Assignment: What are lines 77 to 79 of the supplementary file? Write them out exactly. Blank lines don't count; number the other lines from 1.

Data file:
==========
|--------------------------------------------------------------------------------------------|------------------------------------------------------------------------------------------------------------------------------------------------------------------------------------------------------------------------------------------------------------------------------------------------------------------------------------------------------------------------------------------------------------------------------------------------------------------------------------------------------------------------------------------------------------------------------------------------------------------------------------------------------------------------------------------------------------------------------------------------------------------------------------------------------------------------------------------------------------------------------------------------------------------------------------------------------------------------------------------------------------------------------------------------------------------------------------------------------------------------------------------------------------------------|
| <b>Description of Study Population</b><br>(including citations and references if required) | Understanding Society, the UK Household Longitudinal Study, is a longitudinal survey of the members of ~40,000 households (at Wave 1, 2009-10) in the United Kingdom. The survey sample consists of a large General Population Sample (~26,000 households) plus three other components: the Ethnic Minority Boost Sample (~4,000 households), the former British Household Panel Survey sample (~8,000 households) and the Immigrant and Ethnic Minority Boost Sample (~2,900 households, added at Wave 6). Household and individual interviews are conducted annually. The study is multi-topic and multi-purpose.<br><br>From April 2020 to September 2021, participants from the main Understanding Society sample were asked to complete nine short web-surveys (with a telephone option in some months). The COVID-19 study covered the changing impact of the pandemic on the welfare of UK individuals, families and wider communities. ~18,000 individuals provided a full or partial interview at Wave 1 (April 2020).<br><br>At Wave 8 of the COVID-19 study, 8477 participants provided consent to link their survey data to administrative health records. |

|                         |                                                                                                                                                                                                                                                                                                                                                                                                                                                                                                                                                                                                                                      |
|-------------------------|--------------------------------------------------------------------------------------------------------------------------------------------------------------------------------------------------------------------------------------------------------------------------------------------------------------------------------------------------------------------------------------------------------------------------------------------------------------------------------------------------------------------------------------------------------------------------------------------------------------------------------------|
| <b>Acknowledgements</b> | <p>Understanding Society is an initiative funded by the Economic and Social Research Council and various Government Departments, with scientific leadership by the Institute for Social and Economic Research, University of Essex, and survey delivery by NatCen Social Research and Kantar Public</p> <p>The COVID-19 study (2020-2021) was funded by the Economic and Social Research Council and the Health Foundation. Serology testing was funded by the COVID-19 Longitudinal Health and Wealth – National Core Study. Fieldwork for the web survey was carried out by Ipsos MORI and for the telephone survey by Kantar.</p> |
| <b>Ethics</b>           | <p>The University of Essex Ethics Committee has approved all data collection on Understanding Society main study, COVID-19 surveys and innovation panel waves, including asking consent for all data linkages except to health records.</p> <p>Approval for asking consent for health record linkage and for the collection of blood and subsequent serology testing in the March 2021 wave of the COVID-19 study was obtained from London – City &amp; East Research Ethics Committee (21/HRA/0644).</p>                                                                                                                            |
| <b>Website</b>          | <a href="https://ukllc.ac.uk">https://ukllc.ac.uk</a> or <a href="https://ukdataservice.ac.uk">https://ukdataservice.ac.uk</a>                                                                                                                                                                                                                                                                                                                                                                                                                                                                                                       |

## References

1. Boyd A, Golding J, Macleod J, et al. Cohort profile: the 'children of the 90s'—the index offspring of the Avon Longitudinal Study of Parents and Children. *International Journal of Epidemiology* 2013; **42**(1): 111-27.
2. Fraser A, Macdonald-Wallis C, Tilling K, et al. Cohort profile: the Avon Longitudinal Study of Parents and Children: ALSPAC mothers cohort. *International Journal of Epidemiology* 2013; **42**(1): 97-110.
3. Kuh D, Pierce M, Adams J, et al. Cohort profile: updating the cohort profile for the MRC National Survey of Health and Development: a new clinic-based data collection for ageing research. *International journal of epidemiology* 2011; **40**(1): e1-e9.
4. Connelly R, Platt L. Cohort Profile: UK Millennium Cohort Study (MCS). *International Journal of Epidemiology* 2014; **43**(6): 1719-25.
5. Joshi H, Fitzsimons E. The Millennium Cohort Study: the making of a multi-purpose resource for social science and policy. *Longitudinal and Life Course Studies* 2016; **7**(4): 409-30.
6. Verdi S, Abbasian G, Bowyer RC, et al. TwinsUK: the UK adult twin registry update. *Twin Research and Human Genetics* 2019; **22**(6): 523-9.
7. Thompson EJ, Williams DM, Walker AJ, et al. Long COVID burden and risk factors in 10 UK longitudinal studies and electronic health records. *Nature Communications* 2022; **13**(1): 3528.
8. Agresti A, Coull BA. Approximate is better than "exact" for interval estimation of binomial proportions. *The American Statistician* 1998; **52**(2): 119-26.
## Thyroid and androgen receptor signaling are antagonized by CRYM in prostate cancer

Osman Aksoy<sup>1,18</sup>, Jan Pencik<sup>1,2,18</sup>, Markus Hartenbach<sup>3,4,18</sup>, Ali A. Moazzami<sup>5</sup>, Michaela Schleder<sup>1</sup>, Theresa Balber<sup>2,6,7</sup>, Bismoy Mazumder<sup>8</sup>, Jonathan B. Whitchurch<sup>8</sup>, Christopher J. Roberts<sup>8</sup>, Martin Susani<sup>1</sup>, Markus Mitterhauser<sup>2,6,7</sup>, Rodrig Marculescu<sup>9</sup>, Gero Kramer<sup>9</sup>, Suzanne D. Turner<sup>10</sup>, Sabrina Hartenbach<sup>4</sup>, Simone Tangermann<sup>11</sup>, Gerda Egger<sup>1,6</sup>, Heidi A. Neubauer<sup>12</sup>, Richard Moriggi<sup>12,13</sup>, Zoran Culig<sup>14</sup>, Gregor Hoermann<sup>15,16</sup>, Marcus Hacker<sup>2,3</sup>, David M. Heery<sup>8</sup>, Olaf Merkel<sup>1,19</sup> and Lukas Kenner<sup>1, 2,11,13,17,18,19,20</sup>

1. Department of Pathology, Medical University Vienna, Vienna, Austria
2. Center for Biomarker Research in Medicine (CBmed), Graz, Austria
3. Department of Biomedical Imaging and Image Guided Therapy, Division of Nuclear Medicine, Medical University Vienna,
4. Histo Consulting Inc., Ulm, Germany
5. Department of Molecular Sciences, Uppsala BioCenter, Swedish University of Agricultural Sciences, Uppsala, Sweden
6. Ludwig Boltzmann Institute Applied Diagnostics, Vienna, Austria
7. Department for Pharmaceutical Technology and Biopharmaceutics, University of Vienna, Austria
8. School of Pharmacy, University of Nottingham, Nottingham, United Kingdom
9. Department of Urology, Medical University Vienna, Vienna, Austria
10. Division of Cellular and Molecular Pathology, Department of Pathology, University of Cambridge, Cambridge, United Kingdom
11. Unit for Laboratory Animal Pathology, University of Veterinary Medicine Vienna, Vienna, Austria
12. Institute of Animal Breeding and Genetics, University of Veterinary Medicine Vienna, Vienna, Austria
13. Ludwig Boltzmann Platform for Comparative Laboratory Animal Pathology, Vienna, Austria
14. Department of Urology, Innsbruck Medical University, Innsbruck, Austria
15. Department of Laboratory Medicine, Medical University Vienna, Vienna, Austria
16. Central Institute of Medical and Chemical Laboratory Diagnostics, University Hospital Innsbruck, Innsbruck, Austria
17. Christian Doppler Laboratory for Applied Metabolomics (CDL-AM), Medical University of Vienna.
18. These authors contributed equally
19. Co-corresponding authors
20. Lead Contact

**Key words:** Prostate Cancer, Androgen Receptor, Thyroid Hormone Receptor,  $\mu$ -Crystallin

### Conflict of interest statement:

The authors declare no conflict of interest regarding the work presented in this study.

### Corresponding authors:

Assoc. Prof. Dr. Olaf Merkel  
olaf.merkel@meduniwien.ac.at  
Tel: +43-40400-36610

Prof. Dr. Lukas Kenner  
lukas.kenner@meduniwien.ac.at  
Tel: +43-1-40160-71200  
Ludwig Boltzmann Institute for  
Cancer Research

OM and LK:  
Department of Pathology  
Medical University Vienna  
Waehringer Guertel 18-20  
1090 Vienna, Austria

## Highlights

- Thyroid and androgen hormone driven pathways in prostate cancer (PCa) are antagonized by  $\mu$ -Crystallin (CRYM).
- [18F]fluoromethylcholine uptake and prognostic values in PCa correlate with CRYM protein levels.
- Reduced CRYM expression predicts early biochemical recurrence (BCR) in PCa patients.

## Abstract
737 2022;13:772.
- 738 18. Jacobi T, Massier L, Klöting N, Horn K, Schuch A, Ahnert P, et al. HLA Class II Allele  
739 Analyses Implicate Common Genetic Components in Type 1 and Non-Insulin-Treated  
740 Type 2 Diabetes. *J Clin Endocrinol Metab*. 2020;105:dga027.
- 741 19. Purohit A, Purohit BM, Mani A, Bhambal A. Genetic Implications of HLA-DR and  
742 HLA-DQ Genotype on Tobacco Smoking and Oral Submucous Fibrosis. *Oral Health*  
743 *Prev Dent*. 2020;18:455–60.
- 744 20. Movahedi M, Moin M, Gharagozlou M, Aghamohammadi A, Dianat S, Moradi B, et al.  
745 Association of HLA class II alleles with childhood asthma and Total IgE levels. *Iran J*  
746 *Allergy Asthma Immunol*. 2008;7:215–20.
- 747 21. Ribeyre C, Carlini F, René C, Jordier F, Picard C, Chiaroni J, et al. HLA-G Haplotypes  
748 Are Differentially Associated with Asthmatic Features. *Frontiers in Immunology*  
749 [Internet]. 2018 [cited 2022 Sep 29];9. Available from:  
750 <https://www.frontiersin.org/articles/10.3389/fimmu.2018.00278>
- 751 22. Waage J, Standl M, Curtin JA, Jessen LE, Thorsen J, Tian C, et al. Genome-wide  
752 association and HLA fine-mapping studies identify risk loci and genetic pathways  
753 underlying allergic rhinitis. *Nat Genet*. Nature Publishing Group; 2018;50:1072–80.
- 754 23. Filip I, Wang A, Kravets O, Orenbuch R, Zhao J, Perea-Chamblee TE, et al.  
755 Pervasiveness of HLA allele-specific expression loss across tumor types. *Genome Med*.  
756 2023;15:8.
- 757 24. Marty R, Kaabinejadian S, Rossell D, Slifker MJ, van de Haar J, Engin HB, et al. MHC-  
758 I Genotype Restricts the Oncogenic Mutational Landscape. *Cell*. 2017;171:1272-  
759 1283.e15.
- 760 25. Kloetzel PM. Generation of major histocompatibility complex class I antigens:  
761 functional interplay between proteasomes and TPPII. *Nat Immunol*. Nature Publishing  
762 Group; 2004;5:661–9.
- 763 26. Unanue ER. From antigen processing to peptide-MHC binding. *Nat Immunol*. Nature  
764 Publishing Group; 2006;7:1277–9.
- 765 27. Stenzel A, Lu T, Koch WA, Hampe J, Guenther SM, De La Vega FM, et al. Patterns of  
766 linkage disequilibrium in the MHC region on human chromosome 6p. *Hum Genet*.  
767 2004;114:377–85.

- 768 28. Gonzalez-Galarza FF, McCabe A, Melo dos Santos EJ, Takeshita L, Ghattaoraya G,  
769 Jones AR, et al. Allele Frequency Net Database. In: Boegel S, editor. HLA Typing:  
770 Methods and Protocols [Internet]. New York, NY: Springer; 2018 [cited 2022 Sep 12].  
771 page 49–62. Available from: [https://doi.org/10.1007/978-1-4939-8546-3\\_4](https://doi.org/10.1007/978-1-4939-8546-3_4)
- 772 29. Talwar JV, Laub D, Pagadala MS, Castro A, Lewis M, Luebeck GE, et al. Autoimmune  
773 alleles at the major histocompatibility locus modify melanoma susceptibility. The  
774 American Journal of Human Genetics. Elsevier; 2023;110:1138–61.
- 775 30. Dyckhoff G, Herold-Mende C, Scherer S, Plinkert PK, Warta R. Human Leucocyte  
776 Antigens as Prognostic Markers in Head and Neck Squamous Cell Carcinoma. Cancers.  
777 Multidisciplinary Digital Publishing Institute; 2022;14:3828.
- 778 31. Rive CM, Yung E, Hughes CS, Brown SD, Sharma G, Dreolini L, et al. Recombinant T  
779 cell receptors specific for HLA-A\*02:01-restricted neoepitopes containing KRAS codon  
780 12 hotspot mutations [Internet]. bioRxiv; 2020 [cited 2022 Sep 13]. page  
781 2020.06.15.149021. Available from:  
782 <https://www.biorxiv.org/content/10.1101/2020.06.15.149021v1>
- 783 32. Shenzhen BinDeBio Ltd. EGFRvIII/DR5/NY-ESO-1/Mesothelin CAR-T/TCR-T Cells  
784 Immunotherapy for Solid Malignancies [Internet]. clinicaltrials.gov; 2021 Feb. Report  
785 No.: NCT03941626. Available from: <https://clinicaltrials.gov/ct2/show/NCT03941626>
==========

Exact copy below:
753 underlying allergic rhinitis. *Nat Genet*. Nature Publishing Group; 2018;50:1072–80.
- 754 23. Filip I, Wang A, Kravets O, Orenbuch R, Zhao J, Perea-Chamblee TE, et al.  
755 Pervasiveness of HLA allele-specific expression loss across tumor types. *Genome Med*.  